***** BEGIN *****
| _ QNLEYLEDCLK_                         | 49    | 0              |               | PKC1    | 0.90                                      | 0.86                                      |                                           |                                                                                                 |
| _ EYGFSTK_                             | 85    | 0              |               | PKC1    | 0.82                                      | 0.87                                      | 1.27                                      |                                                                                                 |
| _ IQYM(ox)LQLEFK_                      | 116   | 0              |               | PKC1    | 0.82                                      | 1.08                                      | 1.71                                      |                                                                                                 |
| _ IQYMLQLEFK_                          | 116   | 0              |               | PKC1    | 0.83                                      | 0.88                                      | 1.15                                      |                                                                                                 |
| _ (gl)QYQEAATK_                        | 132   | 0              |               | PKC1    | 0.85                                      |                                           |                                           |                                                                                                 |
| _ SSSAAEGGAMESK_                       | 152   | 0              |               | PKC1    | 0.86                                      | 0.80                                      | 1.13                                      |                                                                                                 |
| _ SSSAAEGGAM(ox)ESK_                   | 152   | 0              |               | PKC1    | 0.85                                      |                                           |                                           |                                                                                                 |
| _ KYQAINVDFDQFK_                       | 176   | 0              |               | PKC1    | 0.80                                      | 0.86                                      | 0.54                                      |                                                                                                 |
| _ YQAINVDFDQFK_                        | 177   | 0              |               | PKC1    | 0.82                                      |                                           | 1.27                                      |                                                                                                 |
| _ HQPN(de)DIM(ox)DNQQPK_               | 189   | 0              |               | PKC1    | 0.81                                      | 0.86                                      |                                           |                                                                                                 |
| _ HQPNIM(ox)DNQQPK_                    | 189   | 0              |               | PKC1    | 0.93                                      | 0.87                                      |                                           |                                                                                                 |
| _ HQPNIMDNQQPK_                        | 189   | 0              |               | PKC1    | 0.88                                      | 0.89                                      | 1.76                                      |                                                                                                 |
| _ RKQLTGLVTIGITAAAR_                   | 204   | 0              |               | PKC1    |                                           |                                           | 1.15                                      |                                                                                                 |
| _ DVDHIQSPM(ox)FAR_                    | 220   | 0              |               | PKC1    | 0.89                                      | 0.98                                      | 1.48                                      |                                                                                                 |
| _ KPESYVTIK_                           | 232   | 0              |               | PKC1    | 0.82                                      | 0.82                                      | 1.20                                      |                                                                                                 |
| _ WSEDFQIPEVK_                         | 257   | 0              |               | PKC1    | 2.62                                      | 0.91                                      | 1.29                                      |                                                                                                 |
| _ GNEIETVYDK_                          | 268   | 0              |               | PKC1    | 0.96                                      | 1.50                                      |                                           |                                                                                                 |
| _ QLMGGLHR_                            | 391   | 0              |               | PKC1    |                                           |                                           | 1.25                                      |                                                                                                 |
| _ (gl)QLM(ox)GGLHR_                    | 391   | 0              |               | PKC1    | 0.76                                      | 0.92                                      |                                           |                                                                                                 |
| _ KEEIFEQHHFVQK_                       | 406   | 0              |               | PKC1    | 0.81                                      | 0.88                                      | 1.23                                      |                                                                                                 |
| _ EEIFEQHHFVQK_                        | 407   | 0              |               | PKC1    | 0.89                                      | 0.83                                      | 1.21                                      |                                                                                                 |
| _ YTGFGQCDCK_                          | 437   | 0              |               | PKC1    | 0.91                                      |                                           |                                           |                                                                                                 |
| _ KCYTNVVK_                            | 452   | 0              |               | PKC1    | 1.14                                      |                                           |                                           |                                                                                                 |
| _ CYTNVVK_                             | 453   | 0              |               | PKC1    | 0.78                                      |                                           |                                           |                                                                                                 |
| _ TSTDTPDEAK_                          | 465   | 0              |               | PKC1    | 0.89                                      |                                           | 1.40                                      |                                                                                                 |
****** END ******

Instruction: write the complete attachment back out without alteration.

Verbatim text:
| _ QNLEYLEDCLK_                         | 49    | 0              |               | PKC1    | 0.90                                      | 0.86                                      |                                           |                                                                                                 |
| _ EYGFSTK_                             | 85    | 0              |               | PKC1    | 0.82                                      | 0.87                                      | 1.27                                      |                                                                                                 |
| _ IQYM(ox)LQLEFK_                      | 116   | 0              |               | PKC1    | 0.82                                      | 1.08                                      | 1.71                                      |                                                                                                 |
| _ IQYMLQLEFK_                          | 116   | 0              |               | PKC1    | 0.83                                      | 0.88                                      | 1.15                                      |                                                                                                 |
| _ (gl)QYQEAATK_                        | 132   | 0              |               | PKC1    | 0.85                                      |                                           |                                           |                                                                                                 |
| _ SSSAAEGGAMESK_                       | 152   | 0              |               | PKC1    | 0.86                                      | 0.80                                      | 1.13                                      |                                                                                                 |
| _ SSSAAEGGAM(ox)ESK_                   | 152   | 0              |               | PKC1    | 0.85                                      |                                           |                                           |                                                                                                 |
| _ KYQAINVDFDQFK_                       | 176   | 0              |               | PKC1    | 0.80                                      | 0.86                                      | 0.54                                      |                                                                                                 |
| _ YQAINVDFDQFK_                        | 177   | 0              |               | PKC1    | 0.82                                      |                                           | 1.27                                      |                                                                                                 |
| _ HQPN(de)DIM(ox)DNQQPK_               | 189   | 0              |               | PKC1    | 0.81                                      | 0.86                                      |                                           |                                                                                                 |
| _ HQPNIM(ox)DNQQPK_                    | 189   | 0              |               | PKC1    | 0.93                                      | 0.87                                      |                                           |                                                                                                 |
| _ HQPNIMDNQQPK_                        | 189   | 0              |               | PKC1    | 0.88                                      | 0.89                                      | 1.76                                      |                                                                                                 |
| _ RKQLTGLVTIGITAAAR_                   | 204   | 0              |               | PKC1    |                                           |                                           | 1.15                                      |                                                                                                 |
| _ DVDHIQSPM(ox)FAR_                    | 220   | 0              |               | PKC1    | 0.89                                      | 0.98                                      | 1.48                                      |                                                                                                 |
| _ KPESYVTIK_                           | 232   | 0              |               | PKC1    | 0.82                                      | 0.82                                      | 1.20                                      |                                                                                                 |
| _ WSEDFQIPEVK_                         | 257   | 0              |               | PKC1    | 2.62                                      | 0.91                                      | 1.29                                      |                                                                                                 |
| _ GNEIETVYDK_                          | 268   | 0              |               | PKC1    | 0.96                                      | 1.50                                      |                                           |                                                                                                 |
| _ QLMGGLHR_                            | 391   | 0              |               | PKC1    |                                           |                                           | 1.25                                      |                                                                                                 |
| _ (gl)QLM(ox)GGLHR_                    | 391   | 0              |               | PKC1    | 0.76                                      | 0.92                                      |                                           |                                                                                                 |
| _ KEEIFEQHHFVQK_                       | 406   | 0              |               | PKC1    | 0.81                                      | 0.88                                      | 1.23                                      |                                                                                                 |
| _ EEIFEQHHFVQK_                        | 407   | 0              |               | PKC1    | 0.89                                      | 0.83                                      | 1.21                                      |                                                                                                 |
| _ YTGFGQCDCK_                          | 437   | 0              |               | PKC1    | 0.91                                      |                                           |                                           |                                                                                                 |
| _ KCYTNVVK_                            | 452   | 0              |               | PKC1    | 1.14                                      |                                           |                                           |                                                                                                 |
| _ CYTNVVK_                             | 453   | 0              |               | PKC1    | 0.78                                      |                                           |                                           |                                                                                                 |
| _ TSTDTPDEAK_                          | 465   | 0              |               | PKC1    | 0.89                                      |                                           | 1.40                                      |                                                                                                 |